Transforming Conflict Between Farmers and Herders

By Daniel Orth, Senior Program Manager, Karuna Center

On the surface, they way a conflict begins may appear simple: A farmer returns home to discover that his entire field of corn has been eaten and trampled under-hoof. Gone is the food for his family and the seed corn for the next season. He demands justice—which the government delivers by seizing nearby herders’ cattle and demanding large sums of money to release them. The herders have now lost their means to support their own families, leading to clashes between the groups. 

While the initial spark that sets off a conflagration may seem obvious, it’s much more difficult to untangle all of the dynamics that fuel tension between farmers and herders—government decisions and inaction, shifting weather patterns, diminished grazing and farming land, regional conflict, dangerous stereotypes, and broken communication. In an environment of suspicion and fear, how do two parties seemingly so at odds with one another begin to build trust? 

“I used to think you were ghosts who lived in the forest.”

– Dialogue participant from a farming community,
speaking to a member of the Fulani pastoralist community

Recognizing the critical need to bring together members of the agricultural and pastoralist communities of Nigeria’s Benue State, Karuna and its partners, Neem Foundation and Elohim Development Foundation, developed a carefully sequenced series of activities that would break this cycle. Members of the “Protecting Our Communities” project first needed to build trust with the farmers and herders. The project team met individually with the leadership of the All Farmers Association of Nigeria (AFAN) and the Miyetti Allah Cattle Breeders Association of Nigeria (MACBAN).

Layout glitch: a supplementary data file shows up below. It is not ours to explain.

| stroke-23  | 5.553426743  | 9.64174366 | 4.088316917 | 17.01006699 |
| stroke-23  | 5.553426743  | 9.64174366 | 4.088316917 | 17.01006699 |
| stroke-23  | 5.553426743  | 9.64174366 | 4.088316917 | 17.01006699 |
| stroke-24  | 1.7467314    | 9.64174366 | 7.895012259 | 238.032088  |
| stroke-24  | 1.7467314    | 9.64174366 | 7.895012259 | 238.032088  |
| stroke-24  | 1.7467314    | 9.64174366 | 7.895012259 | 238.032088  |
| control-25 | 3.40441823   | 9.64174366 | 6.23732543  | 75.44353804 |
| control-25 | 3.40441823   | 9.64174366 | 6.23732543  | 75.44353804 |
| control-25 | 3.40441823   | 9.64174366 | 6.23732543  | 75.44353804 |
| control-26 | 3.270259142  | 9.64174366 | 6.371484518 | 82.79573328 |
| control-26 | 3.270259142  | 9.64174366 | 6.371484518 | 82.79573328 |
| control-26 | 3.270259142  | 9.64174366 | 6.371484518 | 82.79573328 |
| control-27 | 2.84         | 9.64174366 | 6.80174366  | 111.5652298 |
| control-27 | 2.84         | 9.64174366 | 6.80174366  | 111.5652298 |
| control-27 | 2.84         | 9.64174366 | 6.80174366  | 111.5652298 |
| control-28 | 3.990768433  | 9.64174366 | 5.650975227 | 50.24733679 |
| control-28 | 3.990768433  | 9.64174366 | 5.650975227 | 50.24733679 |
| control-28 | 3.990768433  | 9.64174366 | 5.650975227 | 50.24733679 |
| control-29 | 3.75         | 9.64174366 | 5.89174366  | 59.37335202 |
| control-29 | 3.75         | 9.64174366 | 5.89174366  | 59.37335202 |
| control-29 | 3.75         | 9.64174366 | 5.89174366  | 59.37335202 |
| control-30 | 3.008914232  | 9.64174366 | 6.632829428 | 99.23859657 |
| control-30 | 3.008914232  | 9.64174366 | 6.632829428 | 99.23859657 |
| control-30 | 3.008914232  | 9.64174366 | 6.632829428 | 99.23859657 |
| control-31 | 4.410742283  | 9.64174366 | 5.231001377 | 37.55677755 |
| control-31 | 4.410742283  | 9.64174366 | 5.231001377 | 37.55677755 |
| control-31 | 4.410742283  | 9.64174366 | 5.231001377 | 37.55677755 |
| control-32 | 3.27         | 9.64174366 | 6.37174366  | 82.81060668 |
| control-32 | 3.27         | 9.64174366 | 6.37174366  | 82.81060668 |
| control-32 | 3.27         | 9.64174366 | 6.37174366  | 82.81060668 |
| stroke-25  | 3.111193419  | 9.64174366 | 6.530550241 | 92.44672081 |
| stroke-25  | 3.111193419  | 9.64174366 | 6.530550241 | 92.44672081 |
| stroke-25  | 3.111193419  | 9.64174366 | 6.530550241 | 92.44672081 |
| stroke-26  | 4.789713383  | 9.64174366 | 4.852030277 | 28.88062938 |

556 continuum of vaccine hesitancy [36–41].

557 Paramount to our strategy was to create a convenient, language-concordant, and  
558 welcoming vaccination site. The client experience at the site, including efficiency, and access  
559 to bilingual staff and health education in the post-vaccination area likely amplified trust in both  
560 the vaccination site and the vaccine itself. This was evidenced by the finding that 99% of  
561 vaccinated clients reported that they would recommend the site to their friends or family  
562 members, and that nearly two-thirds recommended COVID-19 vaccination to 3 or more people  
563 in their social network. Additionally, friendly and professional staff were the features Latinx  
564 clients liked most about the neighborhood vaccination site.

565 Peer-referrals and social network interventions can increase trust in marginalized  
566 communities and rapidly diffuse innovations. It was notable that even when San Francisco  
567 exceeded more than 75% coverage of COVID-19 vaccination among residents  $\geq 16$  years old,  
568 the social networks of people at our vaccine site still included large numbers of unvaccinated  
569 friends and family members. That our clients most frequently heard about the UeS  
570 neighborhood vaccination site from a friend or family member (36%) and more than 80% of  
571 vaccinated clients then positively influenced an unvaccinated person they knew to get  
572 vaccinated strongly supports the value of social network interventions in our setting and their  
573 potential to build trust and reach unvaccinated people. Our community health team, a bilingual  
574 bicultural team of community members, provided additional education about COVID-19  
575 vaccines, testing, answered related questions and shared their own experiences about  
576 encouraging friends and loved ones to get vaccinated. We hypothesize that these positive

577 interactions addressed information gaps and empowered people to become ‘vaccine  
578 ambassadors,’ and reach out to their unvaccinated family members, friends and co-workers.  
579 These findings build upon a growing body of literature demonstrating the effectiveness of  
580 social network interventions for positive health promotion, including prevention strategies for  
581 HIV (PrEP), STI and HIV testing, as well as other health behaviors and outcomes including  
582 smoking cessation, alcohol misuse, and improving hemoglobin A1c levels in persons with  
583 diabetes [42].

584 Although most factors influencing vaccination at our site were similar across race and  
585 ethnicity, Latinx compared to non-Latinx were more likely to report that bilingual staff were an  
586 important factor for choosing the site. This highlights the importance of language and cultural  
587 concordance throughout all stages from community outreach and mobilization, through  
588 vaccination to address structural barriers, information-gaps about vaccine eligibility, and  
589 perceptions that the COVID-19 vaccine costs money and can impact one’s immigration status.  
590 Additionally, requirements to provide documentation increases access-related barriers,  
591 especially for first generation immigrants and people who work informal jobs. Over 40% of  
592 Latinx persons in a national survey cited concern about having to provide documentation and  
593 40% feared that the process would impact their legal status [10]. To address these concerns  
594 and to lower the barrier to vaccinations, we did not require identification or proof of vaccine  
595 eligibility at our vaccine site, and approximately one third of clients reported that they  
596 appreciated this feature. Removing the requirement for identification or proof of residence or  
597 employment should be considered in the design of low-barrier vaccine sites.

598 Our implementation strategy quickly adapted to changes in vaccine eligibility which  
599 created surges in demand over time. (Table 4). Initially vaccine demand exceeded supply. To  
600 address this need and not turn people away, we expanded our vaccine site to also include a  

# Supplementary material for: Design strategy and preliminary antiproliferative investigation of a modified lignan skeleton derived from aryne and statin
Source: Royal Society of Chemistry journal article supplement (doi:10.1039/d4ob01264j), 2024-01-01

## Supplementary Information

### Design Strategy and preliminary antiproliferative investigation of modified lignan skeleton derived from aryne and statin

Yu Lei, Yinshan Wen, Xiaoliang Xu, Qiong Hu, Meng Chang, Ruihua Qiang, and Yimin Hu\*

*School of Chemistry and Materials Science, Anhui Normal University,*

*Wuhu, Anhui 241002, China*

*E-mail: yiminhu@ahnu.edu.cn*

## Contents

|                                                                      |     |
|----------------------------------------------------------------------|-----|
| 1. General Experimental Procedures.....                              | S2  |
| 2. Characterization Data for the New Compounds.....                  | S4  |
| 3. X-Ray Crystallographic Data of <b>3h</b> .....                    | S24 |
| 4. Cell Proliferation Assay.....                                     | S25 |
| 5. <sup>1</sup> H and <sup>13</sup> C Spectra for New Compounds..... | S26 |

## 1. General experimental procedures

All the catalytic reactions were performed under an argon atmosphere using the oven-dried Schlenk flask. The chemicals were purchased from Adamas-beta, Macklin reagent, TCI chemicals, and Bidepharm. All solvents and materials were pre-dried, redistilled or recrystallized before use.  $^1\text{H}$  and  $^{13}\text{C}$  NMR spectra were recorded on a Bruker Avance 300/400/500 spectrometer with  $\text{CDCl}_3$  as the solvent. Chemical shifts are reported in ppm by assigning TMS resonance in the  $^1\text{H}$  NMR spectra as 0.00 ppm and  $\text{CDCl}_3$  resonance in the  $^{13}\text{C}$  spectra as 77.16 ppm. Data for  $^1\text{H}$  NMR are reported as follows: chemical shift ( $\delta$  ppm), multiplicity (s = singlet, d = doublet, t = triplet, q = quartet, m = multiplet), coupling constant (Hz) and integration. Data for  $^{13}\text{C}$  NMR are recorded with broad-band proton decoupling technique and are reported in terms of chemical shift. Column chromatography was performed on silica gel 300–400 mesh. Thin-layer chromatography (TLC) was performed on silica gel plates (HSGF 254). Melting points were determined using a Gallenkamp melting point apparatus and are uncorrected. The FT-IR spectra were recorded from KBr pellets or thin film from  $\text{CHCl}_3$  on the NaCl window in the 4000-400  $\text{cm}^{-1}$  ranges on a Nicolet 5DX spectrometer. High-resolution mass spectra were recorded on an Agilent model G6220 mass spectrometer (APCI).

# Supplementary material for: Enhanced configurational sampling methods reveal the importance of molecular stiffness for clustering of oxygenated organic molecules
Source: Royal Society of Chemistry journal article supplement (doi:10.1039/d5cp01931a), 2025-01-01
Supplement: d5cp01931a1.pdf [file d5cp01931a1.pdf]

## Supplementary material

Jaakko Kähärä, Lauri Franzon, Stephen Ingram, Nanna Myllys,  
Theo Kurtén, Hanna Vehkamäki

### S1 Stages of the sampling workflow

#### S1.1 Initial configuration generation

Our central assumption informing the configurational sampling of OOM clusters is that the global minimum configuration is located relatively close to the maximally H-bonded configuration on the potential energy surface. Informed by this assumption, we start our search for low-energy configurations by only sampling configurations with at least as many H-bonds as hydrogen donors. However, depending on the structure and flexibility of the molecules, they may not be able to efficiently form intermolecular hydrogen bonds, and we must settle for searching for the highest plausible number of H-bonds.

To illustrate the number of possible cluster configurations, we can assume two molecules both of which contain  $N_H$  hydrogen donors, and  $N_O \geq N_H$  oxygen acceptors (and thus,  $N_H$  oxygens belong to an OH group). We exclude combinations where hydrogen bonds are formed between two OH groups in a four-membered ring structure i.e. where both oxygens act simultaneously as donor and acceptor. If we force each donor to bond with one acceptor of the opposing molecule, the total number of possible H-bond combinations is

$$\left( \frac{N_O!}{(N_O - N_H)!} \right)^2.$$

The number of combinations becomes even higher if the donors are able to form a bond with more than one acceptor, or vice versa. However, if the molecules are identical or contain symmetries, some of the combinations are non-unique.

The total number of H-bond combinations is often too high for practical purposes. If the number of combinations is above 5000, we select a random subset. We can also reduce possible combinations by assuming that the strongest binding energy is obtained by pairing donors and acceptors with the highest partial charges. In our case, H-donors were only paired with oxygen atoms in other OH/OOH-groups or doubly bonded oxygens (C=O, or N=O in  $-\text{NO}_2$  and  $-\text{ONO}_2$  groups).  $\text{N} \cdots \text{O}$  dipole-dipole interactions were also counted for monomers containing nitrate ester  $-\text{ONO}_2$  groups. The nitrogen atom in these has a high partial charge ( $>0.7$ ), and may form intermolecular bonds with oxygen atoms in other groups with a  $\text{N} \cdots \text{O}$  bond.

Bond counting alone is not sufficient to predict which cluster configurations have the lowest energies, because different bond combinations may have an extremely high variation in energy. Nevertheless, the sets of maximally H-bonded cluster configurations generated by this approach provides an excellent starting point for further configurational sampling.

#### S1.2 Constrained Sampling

After explaining what the project is trying to accomplish and preparing them for the dialogue process, the project team brought the leadership of the two groups together for the first time. As they listened to one another, they discovered their shared humanity and realized they had many common interests. Importantly, they realized how the current situation was hurting both of their peoples and that there was a way for them to work together to bring peace to their communities. 

Since that first meeting, the leadership of the two groups have met on multiple occasions and they now have a WhatsApp group to communicate directly with one another. Hundreds of listeners heard them on a radio program together talking about their shared efforts to bring peace and they have launched a joint advocacy campaign to influence government leaders. Recently 40 women from AFAN and MACBAN came together to dialogue with one another. But the road ahead is long and fraught with difficulty. Incendiary language continues to appear in media alongside dangerous rumors. Dozens have been killed in Benue since March and the election season is fast approaching when politicians who benefit from division sow seeds of discord to advance their own electoral prospects. But the farmers and herders now call each other “brothers” and Elohim, Neem, and Karuna are committed to continuing to support them.

Photo: Meeting of the leadership of the All Farmers Association of Nigeria and the Miyetti Allah Cattle Breeders Association of Nigeria. Credit: Protecting Our Communities Initiative 

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